E2SHB 6552, passed by the Legislature in 2014, specifies that the content of the third credit of science for students in the Class of 2019 may be chosen by the student based on the student’s interest and their high school and beyond plan, with the agreement of the student’s parent or guardian or agreement of the school counselor or principal. Rules adopted by the State Board of Education, WAC 180-51-068, clarify that the school must give precedence to the direction of the parents or guardian, if provided, and that the request for agreement should be made in the predominant language of the parents or guardian to the extent feasible.

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5.  What is the science assessment requirement for graduation?

Washington requires students in the graduating class of 2015 to pass a statewide biology end-of-course assessment. More information about assessments is available on the OSPI State Testing webpage. A table of graduation requirements for the classes of 2012 to 2017, including required assessments, is available on the SBE website.

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6. What is the definition of a laboratory?

Rules adopted by the State Board of Education, WAC 180-51-068, defines laboratory science:

"Laboratory science" means any instruction that provides opportunities for students to interact directly with the material world, or with data drawn from the material world, using the tools, data collection techniques, models and theories of science. A laboratory science course meeting the requirement of section (3) may include courses conducted in classroom facilities specially designed for laboratory science, or coursework in traditional classrooms, outdoor spaces, or other settings which accommodate elements of laboratory science as identified in this subsection;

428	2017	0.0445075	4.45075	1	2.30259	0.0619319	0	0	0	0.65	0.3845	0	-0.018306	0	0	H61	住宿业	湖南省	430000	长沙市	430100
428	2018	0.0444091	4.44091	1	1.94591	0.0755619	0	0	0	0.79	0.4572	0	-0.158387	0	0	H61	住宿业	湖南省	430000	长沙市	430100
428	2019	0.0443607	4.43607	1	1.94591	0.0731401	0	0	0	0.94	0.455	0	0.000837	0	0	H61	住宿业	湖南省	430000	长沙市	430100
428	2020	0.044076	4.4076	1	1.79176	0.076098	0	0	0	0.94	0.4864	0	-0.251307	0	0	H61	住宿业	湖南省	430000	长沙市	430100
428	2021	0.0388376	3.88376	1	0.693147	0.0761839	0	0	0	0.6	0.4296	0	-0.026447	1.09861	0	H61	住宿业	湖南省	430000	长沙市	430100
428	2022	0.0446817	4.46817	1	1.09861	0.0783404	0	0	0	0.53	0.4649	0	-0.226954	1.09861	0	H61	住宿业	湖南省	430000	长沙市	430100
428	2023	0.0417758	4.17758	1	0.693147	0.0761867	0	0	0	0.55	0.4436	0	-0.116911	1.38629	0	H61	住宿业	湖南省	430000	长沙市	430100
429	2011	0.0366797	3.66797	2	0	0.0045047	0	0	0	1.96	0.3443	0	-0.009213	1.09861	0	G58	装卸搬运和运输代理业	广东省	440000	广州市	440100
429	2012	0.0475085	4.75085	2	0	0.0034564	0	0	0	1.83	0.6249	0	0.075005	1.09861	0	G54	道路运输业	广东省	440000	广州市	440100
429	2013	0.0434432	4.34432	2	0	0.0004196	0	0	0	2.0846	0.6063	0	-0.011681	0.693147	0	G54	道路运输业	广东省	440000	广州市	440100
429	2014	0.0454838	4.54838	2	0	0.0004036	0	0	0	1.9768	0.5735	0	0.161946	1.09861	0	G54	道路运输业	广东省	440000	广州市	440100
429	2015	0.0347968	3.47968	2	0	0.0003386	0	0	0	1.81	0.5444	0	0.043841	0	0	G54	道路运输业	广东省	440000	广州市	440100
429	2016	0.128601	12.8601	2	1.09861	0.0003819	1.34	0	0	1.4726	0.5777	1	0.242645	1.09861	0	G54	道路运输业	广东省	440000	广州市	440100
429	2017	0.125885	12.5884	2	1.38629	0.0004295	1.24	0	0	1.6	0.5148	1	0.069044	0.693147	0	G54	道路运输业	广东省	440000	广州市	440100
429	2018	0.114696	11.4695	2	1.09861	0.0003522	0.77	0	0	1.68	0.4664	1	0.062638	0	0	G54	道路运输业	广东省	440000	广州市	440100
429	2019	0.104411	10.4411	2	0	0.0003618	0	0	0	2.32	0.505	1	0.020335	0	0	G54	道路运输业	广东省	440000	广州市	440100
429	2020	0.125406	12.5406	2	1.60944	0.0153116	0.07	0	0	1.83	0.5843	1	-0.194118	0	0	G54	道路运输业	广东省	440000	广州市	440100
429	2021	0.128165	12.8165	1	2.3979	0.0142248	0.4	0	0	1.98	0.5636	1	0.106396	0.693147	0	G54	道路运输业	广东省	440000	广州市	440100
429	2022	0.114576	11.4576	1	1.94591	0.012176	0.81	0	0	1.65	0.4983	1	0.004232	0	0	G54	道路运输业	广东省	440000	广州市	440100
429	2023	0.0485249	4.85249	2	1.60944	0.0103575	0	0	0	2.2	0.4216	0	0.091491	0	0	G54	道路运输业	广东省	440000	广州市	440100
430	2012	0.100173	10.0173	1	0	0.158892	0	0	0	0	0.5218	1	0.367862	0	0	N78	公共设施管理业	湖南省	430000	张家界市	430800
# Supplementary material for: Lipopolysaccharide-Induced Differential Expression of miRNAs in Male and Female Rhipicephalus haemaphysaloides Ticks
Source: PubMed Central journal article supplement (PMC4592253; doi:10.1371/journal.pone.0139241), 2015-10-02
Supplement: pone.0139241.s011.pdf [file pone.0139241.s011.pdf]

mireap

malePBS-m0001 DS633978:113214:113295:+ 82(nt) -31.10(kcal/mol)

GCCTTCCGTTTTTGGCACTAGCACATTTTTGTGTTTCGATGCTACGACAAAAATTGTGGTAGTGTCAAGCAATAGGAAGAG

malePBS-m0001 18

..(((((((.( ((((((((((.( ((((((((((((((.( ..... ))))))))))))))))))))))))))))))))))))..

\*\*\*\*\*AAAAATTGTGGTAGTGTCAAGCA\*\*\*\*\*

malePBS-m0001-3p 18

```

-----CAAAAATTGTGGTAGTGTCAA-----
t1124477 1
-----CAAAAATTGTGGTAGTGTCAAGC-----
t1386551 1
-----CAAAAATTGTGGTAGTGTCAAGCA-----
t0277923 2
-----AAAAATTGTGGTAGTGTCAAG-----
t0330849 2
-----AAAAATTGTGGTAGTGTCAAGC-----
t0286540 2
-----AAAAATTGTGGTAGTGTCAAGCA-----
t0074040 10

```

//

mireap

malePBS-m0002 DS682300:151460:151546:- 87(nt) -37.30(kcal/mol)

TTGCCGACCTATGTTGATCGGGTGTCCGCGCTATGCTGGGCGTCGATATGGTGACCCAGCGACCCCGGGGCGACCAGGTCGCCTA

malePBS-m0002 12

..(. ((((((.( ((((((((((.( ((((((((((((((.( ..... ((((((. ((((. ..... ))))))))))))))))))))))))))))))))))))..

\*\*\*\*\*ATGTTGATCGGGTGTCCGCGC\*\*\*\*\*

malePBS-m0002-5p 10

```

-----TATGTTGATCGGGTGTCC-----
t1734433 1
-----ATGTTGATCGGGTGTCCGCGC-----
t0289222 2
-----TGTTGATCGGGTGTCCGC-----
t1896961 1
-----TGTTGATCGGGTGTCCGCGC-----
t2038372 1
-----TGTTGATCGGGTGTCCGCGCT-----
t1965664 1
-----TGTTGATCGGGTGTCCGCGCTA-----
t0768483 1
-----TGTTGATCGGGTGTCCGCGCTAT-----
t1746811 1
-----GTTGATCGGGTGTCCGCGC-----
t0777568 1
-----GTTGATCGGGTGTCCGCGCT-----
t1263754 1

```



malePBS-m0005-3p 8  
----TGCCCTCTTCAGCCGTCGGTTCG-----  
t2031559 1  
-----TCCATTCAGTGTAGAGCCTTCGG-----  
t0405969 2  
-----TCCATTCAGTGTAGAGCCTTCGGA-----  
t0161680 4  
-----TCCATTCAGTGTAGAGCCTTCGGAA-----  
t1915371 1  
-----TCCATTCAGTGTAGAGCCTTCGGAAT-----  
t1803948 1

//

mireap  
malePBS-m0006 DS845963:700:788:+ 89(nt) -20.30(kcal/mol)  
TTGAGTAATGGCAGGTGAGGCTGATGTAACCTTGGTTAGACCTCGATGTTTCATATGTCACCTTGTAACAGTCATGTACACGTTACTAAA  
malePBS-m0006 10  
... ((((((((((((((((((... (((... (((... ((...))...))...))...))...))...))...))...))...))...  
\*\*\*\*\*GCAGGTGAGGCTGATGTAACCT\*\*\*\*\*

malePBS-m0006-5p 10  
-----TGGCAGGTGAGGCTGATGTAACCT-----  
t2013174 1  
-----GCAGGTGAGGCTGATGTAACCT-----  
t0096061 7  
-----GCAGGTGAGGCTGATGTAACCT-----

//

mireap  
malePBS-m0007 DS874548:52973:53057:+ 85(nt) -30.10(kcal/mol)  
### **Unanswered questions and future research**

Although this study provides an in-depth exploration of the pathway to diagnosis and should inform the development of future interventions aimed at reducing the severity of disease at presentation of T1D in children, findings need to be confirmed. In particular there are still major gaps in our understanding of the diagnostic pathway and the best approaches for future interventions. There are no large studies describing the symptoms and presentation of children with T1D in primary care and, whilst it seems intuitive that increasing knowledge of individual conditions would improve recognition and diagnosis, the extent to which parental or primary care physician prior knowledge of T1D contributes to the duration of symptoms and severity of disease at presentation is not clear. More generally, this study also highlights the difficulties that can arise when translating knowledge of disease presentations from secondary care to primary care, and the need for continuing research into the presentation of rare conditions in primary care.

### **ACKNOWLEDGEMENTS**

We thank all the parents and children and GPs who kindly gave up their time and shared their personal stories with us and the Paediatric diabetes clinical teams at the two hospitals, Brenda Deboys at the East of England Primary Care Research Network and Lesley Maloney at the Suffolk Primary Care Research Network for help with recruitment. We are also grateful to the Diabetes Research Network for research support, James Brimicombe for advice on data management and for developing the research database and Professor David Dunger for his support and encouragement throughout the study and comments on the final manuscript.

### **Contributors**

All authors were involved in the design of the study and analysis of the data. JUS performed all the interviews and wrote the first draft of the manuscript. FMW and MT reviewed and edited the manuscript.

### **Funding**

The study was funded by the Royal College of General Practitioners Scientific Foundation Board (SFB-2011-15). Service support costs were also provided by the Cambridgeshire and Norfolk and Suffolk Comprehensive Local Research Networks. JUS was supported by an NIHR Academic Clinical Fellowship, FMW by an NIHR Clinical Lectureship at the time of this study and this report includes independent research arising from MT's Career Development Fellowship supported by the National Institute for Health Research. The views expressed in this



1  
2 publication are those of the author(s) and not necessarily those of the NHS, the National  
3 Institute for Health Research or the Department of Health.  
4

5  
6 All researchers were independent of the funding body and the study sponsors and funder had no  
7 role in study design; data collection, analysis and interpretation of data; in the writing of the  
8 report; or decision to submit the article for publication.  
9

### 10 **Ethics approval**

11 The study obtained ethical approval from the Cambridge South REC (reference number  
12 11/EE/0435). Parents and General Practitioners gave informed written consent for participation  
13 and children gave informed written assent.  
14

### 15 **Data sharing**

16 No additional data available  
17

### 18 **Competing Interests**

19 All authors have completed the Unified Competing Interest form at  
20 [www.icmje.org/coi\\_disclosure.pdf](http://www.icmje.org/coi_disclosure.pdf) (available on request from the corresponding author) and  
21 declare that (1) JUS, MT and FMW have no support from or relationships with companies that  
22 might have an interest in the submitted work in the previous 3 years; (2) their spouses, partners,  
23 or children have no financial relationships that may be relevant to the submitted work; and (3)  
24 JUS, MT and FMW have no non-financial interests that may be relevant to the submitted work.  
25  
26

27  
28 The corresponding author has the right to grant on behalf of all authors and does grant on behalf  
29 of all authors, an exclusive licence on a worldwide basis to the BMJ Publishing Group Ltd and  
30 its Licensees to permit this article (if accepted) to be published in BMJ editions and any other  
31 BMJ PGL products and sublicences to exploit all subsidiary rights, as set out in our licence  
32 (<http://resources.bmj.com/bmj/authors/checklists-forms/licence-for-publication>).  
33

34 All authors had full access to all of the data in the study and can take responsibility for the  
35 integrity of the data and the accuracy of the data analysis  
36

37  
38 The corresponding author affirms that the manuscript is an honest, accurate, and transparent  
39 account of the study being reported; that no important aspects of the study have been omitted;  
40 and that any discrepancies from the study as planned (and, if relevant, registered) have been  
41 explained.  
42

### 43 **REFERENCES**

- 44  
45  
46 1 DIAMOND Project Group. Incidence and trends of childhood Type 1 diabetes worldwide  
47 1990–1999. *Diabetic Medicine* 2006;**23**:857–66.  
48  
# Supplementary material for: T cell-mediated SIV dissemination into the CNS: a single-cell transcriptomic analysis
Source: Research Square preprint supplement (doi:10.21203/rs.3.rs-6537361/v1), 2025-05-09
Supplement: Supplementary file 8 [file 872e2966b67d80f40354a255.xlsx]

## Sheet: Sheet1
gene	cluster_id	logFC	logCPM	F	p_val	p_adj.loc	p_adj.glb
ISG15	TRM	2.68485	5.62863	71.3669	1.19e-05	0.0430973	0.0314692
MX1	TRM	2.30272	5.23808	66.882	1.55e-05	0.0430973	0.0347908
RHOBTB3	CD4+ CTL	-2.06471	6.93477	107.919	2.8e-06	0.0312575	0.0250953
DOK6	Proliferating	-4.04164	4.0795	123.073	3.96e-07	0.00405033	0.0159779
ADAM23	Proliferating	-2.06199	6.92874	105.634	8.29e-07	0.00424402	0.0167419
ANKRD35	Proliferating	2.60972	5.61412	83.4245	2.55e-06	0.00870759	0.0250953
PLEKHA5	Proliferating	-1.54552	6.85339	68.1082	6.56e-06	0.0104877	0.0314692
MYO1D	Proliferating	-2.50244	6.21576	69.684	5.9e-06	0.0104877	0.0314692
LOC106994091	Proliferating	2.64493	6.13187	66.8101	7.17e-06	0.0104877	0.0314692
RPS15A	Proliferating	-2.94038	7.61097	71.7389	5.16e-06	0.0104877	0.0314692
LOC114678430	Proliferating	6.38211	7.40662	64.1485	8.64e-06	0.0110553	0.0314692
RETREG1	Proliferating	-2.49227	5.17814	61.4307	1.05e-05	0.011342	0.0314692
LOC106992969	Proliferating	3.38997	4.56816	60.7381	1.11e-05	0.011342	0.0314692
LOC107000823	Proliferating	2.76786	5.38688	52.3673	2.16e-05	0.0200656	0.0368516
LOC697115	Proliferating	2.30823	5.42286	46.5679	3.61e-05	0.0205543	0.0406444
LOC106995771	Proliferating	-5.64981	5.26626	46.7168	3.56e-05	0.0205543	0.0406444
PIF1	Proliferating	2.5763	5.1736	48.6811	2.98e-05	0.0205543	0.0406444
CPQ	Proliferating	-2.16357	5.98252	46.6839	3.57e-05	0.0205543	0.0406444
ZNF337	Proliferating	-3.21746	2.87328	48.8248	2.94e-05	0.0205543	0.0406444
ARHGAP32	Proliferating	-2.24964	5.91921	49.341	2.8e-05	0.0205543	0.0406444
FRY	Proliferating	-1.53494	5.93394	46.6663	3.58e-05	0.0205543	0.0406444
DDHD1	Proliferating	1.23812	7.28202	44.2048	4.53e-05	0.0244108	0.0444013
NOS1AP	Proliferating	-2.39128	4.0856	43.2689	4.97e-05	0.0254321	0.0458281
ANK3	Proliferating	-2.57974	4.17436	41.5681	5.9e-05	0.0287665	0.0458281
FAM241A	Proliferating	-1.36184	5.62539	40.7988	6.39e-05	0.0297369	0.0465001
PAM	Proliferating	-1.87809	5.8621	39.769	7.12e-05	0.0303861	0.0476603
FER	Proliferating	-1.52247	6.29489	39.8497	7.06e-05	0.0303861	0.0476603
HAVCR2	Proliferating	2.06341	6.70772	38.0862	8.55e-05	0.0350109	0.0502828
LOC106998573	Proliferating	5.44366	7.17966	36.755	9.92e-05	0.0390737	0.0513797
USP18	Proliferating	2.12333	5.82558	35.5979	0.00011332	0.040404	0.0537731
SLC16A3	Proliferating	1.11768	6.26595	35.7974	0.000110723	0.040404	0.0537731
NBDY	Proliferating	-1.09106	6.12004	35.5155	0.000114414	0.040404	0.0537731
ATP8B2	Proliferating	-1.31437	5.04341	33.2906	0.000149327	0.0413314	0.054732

This definition allows districts flexibility in offering science laboratory courses. Laboratory courses do not need to be offered in a dedicated laboratory facility, but could also be conducted in a traditional classroom, outdoors, or in a combination of settings.

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7. What is the responsibility of districts to offer Career and Technical Education equivalent courses in science?

RCW 28A.230.010 requires that boards of directors must provide high school students with the opportunity to access at least one CTE course that is considered equivalent to a mathematics course or at least one CTE that is considered equivalent to a science course as determined by OSPI and approved by the SBE. Students may access such courses at high schools, inter-district cooperatives, skill centers or branch or satellite skill centers, or through online learning or applicable running start vocational courses.

School boards of districts with fewer than two thousand students may apply to the SBE for a temporary waiver from the requirements of RCW 28A.230.010.

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8. Does Advanced Placement Computer Science meet a science graduation requirement?

RCW 28A.230.097 requires school district board of directors to approve Advanced Placement (AP) computer science courses as equivalent to high school mathematics or science, and must denote on a student's transcript that AP computer science qualifies as a math-based quantitative course for students who take the course in their senior year